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Netflix Share Price Surges 5% As 16 Million New Users Smash Targets

by Jonathan Adams

Television and film streaming service Netflix yesterday announced first quarter results that demonstrate the company is set to become one of the winners of the Covid-19 lockdown period. The video streaming market leader added 15.8 million new subscribers over the first three months of the year – more than double Wall Street’s forecast for 7.4 million.

The positive news drove the Netflix share price up 5% in afterhours trading to set a new record high. It had dipped by 0.84% during the Tuesday session. Netflix’s share price is now up more than 30% for the year compared to a 12% loss for the benchmark S&P 500 index.


Netflix did however urge caution, telling investors that it believes the boost to subscriber numbers and viewing figures is temporary. It sees a stronger dollar, which already weighed on its first quarter, as becoming a negative influence on global sales and profits over the coming period. The company also expects growth rates to decline once the Covid-19 lockdown comes to an end, with a letter to shareholders reading:

“We expect viewing to decline and membership growth to decelerate as home confinement ends, which we hope is soon.”

Revenues over the quarter that ended March 31st were up 28% on the same period last year, reaching $5.77 billion against Wall Street forecasts for $5.74 billion. Net income grew to $709m, from $344m a year ago. There was also an unexpected positive cash flow figure of $162 million for the quarter and Netflix is now forecasting free cash flow for the year to come in at negative $1 billion.

The company had expected to burn through $2.5 billion as it continues to invest in growth and original content. However, a significant portion of planned spending has been delayed due to production on new content being forced into shutdown since mid-March.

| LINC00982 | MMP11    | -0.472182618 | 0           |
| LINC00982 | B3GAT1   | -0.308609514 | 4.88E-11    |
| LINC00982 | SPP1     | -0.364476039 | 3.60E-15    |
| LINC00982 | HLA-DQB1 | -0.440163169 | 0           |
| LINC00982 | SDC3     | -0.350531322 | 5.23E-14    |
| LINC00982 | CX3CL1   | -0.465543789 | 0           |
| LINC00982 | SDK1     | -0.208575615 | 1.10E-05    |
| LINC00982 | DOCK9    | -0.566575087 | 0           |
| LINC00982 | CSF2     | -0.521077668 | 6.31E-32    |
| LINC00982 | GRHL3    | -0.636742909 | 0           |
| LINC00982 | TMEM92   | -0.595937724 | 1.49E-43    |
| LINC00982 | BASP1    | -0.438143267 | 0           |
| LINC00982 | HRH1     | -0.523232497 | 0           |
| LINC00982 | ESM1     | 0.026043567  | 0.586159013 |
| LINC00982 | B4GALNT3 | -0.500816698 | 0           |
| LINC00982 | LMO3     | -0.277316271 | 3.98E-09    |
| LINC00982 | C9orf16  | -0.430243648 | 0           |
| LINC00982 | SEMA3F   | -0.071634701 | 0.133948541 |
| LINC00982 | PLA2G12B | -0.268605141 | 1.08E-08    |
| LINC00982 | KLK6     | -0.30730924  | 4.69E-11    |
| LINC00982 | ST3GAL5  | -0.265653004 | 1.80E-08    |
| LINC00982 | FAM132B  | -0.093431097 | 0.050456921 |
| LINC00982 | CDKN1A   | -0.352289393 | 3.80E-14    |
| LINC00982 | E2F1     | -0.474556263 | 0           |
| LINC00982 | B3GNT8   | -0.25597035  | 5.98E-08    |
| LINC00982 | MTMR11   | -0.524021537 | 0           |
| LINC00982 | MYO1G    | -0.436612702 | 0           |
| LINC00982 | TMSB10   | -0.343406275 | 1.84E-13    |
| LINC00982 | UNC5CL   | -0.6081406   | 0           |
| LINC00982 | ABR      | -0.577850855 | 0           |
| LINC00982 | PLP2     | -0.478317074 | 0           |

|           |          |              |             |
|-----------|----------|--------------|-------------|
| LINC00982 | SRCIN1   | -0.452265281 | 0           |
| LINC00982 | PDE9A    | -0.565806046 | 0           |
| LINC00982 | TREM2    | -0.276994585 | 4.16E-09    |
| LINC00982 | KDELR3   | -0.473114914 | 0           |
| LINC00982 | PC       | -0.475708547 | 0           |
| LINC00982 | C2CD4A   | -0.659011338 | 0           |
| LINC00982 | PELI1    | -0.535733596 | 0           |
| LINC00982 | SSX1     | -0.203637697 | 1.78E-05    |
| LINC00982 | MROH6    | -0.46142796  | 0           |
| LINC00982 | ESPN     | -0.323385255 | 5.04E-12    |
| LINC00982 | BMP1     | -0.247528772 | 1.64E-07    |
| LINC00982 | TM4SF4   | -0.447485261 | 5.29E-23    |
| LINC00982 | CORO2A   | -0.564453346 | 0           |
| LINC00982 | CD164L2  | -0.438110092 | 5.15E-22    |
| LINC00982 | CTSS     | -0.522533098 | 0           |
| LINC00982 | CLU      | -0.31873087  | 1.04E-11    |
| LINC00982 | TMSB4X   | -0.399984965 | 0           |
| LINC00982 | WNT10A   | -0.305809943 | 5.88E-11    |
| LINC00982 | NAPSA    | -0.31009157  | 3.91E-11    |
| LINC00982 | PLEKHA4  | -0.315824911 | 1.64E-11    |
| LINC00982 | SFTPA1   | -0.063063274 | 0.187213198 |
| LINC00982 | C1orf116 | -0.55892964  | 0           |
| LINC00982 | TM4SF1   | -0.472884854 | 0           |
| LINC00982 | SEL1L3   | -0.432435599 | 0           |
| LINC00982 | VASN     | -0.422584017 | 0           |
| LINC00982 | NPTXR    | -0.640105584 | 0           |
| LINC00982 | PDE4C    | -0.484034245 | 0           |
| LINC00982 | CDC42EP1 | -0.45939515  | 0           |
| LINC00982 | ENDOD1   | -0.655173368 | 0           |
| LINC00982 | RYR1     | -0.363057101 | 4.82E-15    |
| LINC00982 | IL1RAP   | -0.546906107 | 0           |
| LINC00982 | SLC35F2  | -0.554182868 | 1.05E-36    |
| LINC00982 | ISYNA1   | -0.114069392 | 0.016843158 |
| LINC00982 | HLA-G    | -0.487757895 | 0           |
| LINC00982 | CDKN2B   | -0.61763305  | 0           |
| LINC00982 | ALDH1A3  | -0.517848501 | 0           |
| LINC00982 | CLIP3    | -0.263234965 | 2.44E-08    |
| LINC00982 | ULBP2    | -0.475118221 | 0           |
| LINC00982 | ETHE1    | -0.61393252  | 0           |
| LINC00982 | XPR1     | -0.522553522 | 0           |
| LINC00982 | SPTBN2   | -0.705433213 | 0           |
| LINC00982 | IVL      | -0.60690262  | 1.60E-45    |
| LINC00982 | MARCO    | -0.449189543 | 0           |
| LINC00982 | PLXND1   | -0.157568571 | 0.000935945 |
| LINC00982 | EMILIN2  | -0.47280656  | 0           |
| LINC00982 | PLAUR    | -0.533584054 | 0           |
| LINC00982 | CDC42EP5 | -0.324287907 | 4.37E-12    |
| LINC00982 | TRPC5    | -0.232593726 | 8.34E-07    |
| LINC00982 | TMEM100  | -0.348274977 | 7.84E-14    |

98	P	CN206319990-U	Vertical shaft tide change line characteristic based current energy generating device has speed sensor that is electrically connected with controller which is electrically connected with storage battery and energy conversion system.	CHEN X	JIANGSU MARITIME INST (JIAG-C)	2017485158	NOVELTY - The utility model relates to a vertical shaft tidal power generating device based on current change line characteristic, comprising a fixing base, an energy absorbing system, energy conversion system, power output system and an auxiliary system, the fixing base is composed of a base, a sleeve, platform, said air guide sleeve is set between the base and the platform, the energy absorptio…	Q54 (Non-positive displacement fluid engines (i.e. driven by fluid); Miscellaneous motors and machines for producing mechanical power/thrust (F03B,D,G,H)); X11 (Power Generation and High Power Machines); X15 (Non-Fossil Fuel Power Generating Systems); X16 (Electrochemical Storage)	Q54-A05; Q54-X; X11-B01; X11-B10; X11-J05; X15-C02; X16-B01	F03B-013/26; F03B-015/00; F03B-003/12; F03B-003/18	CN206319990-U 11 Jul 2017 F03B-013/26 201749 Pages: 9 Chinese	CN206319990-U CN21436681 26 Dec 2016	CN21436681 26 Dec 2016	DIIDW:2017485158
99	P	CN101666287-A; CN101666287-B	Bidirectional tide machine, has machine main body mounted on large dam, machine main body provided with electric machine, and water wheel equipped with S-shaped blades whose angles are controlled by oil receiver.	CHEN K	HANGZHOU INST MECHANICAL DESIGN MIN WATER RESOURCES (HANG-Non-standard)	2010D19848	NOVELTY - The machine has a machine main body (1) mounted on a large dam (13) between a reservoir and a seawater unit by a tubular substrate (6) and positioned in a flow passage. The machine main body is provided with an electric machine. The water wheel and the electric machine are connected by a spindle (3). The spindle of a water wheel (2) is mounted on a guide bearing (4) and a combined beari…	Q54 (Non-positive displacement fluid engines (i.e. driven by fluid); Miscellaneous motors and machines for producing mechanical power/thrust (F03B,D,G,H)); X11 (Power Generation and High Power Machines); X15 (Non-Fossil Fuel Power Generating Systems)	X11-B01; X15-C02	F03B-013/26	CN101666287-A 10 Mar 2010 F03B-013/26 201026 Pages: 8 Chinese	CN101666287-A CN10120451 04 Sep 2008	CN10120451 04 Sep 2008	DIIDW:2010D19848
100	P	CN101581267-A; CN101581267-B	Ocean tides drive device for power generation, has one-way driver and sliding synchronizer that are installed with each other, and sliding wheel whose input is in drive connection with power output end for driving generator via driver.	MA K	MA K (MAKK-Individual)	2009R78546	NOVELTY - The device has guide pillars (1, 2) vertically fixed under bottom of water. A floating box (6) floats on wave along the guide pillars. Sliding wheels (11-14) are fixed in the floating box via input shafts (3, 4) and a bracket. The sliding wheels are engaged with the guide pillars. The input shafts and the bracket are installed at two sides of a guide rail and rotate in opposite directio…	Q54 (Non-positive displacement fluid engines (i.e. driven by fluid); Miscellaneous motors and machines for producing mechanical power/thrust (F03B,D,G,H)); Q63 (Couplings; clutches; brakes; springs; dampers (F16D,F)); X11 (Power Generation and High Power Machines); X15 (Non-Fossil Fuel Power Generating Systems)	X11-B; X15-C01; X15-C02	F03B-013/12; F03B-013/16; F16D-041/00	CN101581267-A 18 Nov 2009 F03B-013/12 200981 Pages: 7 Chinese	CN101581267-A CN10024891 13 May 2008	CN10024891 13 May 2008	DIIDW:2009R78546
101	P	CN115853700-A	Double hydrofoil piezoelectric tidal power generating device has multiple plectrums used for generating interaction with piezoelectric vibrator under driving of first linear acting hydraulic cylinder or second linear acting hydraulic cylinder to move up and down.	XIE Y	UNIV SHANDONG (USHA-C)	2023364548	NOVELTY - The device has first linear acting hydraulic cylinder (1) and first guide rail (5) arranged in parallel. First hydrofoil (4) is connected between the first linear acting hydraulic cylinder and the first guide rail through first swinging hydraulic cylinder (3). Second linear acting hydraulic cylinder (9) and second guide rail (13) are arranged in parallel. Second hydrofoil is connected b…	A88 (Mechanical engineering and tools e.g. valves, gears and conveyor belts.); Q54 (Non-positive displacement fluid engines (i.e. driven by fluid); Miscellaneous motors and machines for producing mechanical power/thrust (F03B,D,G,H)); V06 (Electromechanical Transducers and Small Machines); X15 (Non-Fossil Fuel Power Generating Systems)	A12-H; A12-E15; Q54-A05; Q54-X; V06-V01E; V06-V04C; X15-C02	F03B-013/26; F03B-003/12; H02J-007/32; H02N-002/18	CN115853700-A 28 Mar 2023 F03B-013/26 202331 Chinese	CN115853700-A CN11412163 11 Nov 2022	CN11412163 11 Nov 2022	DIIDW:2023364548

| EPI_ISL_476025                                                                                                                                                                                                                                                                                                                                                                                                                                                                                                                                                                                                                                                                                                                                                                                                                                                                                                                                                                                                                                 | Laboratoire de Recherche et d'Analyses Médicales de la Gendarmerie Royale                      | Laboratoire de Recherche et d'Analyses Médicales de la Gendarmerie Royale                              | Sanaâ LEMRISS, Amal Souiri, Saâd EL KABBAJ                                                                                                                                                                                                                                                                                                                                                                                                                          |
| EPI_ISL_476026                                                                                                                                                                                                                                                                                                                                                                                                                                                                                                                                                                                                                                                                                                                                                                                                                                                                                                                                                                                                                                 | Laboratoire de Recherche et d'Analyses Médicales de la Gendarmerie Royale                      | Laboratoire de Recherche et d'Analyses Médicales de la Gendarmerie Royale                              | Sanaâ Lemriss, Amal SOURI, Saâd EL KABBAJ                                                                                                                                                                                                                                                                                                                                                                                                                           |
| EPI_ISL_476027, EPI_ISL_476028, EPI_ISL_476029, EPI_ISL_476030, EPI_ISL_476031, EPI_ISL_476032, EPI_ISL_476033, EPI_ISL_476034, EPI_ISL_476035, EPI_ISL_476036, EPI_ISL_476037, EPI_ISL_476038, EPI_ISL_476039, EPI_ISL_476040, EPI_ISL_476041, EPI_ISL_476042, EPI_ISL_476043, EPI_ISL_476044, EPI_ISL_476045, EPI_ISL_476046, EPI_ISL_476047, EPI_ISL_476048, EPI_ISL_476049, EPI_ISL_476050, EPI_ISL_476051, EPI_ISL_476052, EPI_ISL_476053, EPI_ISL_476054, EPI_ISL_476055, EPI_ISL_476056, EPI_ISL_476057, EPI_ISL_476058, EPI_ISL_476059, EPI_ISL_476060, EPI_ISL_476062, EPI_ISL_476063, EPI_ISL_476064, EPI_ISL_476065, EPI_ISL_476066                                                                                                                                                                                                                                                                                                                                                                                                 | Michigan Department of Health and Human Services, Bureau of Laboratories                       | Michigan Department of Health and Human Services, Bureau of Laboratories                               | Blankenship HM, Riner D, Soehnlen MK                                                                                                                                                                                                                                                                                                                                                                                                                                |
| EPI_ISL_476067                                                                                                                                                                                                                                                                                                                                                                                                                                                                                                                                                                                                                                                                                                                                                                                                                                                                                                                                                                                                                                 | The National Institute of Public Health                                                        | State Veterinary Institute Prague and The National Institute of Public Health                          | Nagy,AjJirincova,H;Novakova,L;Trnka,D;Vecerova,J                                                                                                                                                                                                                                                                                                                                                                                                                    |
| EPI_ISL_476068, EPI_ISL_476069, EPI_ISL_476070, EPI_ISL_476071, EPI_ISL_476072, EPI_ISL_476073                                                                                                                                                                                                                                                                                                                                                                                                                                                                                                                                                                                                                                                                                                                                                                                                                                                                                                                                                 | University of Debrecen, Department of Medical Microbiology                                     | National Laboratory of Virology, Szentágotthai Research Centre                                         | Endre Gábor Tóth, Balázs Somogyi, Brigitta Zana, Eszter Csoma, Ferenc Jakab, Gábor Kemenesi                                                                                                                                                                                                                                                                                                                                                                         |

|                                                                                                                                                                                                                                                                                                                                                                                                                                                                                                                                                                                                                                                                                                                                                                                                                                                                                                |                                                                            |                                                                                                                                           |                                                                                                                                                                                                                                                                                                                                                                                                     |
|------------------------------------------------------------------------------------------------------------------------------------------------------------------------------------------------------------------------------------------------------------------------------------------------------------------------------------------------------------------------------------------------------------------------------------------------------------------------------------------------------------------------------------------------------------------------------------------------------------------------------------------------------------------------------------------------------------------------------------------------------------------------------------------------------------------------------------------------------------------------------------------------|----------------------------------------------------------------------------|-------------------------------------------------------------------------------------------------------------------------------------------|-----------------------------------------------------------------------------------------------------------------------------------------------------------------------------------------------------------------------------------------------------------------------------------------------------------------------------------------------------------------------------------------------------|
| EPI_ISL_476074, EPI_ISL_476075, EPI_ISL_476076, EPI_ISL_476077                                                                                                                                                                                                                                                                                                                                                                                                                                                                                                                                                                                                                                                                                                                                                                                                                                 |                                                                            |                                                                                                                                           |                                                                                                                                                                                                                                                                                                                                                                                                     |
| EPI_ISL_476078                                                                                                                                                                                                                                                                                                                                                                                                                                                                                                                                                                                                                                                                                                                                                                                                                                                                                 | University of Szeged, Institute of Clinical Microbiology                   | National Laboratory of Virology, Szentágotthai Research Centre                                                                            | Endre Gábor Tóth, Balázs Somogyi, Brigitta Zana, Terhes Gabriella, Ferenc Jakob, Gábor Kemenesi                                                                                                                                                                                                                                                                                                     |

Wall Street analysts had been tipping Netflix to benefit from the pandemic-induced lockdown but it will still be pleasing to the company and investors that results ran ahead of even heightened expectations. Hit new shows such as Tiger King, the murder mystery ‘docuseries’ that has attracted a whopping 64 million viewers, have helped.

Supporting Netflix’s position that user growth can be expected to revert to the mean once lockdown ends were figures that demonstrated January and February numbers were roughly as projected. The beginning of the March lockdown prompted a surge over the last month of the quarter. That’s reflected by the fact most new gains came from non-U.S. territories. The USA went into lockdown later than most of the rest of the world, waiting until the end of the month to introduce tougher restrictions.

7 million new subscribers were signed up across Europe, the Middle East and Africa with another 3.6 million in Asia. Overseas subscriptions, however, generated less bottom line income than would have been expected due to the strengthening dollar. A stronger dollar means less dollar revenue per new overseas subscriber once local currency subscriptions are converted back.

Netflix is facing up to a period through which it will have to deal with increased levels of competition with several new streaming services recently launched. Apple, Disney, HBO and U.S. telecoms giant Comcast have all recently launched their own streaming subscription apps, adding to existing competitors such as Hulu and Amazon Prime.

For Netflix and the rest of the streaming market, the challenge over coming months will be keeping users engaged with new content following production shut-downs. Netflix has said that over the current second quarter the only notable impact will be foreign language dubbing falling behind in some areas. In Italy and Spain, for example, voice actors have been unable to work in studios.

Netflix has said it expects the Covid-19 boost to subscriber numbers to normalise by the end of June. Its current internal forecast for new users added over the second quarter is 7.5 million, but cautioned “given the uncertainty on home confinement timing, this is mostly guesswork.”

This article is for information purposes only.
Please remember that financial investments may rise or fall and past performance does not guarantee future performance in respect of income or capital growth; you may not get back the amount you invested.
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